This true story is based on events on June 16, 1976 in South Africa. Students in Soweto, a township outside of Johannesburg, planned a peaceful protest of a new education law that required Black students to be taught in Afrikaans rather than English. Afrikaans was the language of the white rulers of South Africa. South Africa was governed by a system called apartheid, which enforced discrimination towards and segregation of Black citizens.
Hector Zolile Pieterson was “an ordinary twelve-year-old boy” who went to the non-white school in Soweto. On June 16, however, Hector and a friend saw no one was attending school, and they gravitated toward the sound of chanting and singing by a mass of students heading toward the stadium where the protest was being held.
The police tried to block the protestors with tear gas and live bullets. Antoinette, Hector’s older sister, saw him in the crowd and yelled that he should run for home right away. But as Hector ran, he was shot and killed by police.
Photojournalist Sam Nzima captured a picture of Hector’s dead body being carried away. The picture was picked up by the international press, and, as the author writes at the end of the book in “After the Photograph,” “became a powerful symbol, opening the world’s eyes to the racism and violence of apartheid and providing change in South Africa.” She also notes that June 16 is now a public holiday in South Africa known as “Youth Day” in remembrance of those who died protesting apartheid.
The author also tells us that growing up white in South Africa, she saw the practices of apartheid and police, but it was something that happened to other lives, not her own. But she wanted to write a book about what happened, and she was able to speak both with Antoinette and Sam Nzima.
In Wikipedia one can learn more about what happened after Nzima took the photograph. The police confiscated most of Nzima’s film but he stuffed the role documenting the violence into his sock. The newspaper by Blacks and for Blacks, “The World,” published the photo the next day. Time Magazine reports that “by the next day, Nzima’s photo was splashed across the front pages of newspapers from New York to Moscow. Suddenly the world could no longer ignore the horror of apartheid. Almost overnight, international opinion hardened against South Africa’s apartheid regime.”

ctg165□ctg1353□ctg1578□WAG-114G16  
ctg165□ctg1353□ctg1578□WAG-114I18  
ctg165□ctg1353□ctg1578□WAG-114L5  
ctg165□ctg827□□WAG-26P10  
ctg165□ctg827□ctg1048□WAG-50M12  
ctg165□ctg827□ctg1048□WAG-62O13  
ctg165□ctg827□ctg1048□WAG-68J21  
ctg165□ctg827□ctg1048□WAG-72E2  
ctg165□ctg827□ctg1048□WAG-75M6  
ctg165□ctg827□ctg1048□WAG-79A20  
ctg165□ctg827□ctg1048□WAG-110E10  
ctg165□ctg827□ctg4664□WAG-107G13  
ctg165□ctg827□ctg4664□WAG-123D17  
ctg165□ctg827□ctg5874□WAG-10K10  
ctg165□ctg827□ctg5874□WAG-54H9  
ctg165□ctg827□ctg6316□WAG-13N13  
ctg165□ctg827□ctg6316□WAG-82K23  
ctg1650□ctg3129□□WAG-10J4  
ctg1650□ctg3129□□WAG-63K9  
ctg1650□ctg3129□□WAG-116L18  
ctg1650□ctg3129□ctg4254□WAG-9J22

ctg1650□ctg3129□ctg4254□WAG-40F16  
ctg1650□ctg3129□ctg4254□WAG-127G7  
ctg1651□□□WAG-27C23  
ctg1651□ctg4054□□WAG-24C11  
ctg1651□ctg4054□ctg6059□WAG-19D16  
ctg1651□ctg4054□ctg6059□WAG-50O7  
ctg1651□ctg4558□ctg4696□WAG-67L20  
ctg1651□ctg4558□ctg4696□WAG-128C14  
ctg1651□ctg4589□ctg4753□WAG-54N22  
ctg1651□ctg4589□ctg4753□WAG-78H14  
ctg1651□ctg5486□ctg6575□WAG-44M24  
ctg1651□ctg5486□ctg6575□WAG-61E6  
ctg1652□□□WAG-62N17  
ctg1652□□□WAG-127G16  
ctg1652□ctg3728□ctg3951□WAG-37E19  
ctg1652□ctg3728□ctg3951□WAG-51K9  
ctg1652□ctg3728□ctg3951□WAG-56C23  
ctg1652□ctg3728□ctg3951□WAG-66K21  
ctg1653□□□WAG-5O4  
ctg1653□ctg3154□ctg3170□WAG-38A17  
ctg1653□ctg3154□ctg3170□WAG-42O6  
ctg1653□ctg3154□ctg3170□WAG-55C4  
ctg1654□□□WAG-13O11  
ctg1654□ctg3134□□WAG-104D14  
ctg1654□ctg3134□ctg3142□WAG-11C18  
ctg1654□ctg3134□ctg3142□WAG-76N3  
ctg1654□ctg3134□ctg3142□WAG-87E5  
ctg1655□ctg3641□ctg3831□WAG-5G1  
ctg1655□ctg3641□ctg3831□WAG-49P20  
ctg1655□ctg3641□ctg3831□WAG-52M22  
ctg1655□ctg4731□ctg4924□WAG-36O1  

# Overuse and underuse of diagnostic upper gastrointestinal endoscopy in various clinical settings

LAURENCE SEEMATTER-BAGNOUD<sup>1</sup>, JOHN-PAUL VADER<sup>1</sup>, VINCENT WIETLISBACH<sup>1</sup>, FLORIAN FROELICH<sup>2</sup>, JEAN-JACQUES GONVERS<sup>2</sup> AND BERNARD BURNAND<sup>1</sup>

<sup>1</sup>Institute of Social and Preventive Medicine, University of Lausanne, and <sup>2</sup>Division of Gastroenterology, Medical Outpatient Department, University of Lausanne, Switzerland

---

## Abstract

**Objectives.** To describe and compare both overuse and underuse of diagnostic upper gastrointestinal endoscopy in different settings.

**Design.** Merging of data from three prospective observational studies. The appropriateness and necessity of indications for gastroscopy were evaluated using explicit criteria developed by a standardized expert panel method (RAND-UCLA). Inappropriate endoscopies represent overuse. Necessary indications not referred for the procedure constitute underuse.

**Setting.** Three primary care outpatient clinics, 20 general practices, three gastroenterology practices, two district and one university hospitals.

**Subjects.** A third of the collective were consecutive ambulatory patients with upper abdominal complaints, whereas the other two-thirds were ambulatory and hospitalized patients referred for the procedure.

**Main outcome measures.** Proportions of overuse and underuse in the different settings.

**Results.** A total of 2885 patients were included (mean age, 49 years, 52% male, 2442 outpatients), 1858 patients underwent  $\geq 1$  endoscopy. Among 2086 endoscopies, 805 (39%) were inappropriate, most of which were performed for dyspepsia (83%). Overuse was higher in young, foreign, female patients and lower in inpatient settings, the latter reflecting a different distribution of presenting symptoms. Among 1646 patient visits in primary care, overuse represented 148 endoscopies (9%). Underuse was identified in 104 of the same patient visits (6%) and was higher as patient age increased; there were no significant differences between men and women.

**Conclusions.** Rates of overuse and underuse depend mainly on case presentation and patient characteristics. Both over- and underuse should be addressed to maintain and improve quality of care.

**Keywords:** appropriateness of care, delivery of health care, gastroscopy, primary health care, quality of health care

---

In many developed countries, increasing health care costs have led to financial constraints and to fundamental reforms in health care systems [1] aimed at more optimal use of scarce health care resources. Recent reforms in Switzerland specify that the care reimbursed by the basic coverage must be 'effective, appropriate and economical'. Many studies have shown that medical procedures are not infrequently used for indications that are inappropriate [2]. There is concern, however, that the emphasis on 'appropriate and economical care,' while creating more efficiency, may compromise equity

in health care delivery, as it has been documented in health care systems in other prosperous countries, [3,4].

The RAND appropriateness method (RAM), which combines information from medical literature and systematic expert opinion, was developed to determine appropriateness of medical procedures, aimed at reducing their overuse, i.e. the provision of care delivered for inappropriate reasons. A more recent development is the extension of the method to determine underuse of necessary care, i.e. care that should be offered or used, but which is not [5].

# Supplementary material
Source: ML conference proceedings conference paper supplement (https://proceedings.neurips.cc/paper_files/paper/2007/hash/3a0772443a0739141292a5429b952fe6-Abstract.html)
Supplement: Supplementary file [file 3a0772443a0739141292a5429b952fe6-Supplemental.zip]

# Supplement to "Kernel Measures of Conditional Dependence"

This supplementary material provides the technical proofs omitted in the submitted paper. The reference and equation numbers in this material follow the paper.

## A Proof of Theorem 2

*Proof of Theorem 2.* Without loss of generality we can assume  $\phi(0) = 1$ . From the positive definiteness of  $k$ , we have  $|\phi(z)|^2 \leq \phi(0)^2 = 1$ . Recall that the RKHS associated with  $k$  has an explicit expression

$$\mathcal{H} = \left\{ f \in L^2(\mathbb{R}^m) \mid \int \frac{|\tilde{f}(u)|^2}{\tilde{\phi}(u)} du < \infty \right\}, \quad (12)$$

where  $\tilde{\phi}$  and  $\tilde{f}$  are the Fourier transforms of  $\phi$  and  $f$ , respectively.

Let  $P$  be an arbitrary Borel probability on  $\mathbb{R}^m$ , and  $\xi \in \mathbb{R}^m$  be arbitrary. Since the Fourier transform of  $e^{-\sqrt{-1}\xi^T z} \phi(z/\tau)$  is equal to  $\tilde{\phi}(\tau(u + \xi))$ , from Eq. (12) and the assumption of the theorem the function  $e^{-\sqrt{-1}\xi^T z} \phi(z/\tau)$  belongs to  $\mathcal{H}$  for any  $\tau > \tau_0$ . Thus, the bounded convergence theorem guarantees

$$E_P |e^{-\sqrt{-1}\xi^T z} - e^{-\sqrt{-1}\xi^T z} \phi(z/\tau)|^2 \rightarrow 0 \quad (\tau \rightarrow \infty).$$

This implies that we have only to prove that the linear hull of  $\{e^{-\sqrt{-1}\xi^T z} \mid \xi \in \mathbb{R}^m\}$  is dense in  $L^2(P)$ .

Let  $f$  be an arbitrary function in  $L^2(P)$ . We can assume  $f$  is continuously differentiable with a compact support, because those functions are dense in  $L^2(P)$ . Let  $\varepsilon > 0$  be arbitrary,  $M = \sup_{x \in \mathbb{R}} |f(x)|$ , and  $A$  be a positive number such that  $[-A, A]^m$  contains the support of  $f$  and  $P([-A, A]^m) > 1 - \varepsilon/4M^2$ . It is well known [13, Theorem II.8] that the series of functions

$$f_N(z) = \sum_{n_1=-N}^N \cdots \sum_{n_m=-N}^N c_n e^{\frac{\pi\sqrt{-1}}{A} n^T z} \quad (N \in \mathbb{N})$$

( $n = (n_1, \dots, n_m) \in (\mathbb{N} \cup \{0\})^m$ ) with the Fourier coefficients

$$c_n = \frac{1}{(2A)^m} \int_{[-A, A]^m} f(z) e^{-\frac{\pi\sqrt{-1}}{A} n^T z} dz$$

Nzima was forced to go into hiding because of the harassment he was receiving by the security police. After three months the police caught up to Nzima and put him under house arrest. He never took a photo again. The government shut down “The World” two years later, and raided the office. Nzima’s negatives are thought to have been destroyed.
Back matter includes a reproduction of Nzima’s famous photo, some thumbnail biographies, a glossary along with pronunciation guide, and list of additional sources.
Evaluation: This book written in graphic novel style for readers 8 and over and illustrated by the author in somber tones delivers a gut punch. It will help readers see the effects, not just historically in South Africa, but everywhere and in the present time, of racism, protest, and police violence. The fact that Hector was only 12 and was an “ordinary boy” caught in the wrong place will particularly resonate with readers.
Published by Page Street Kids, an imprint of Page Street Publishing, 2019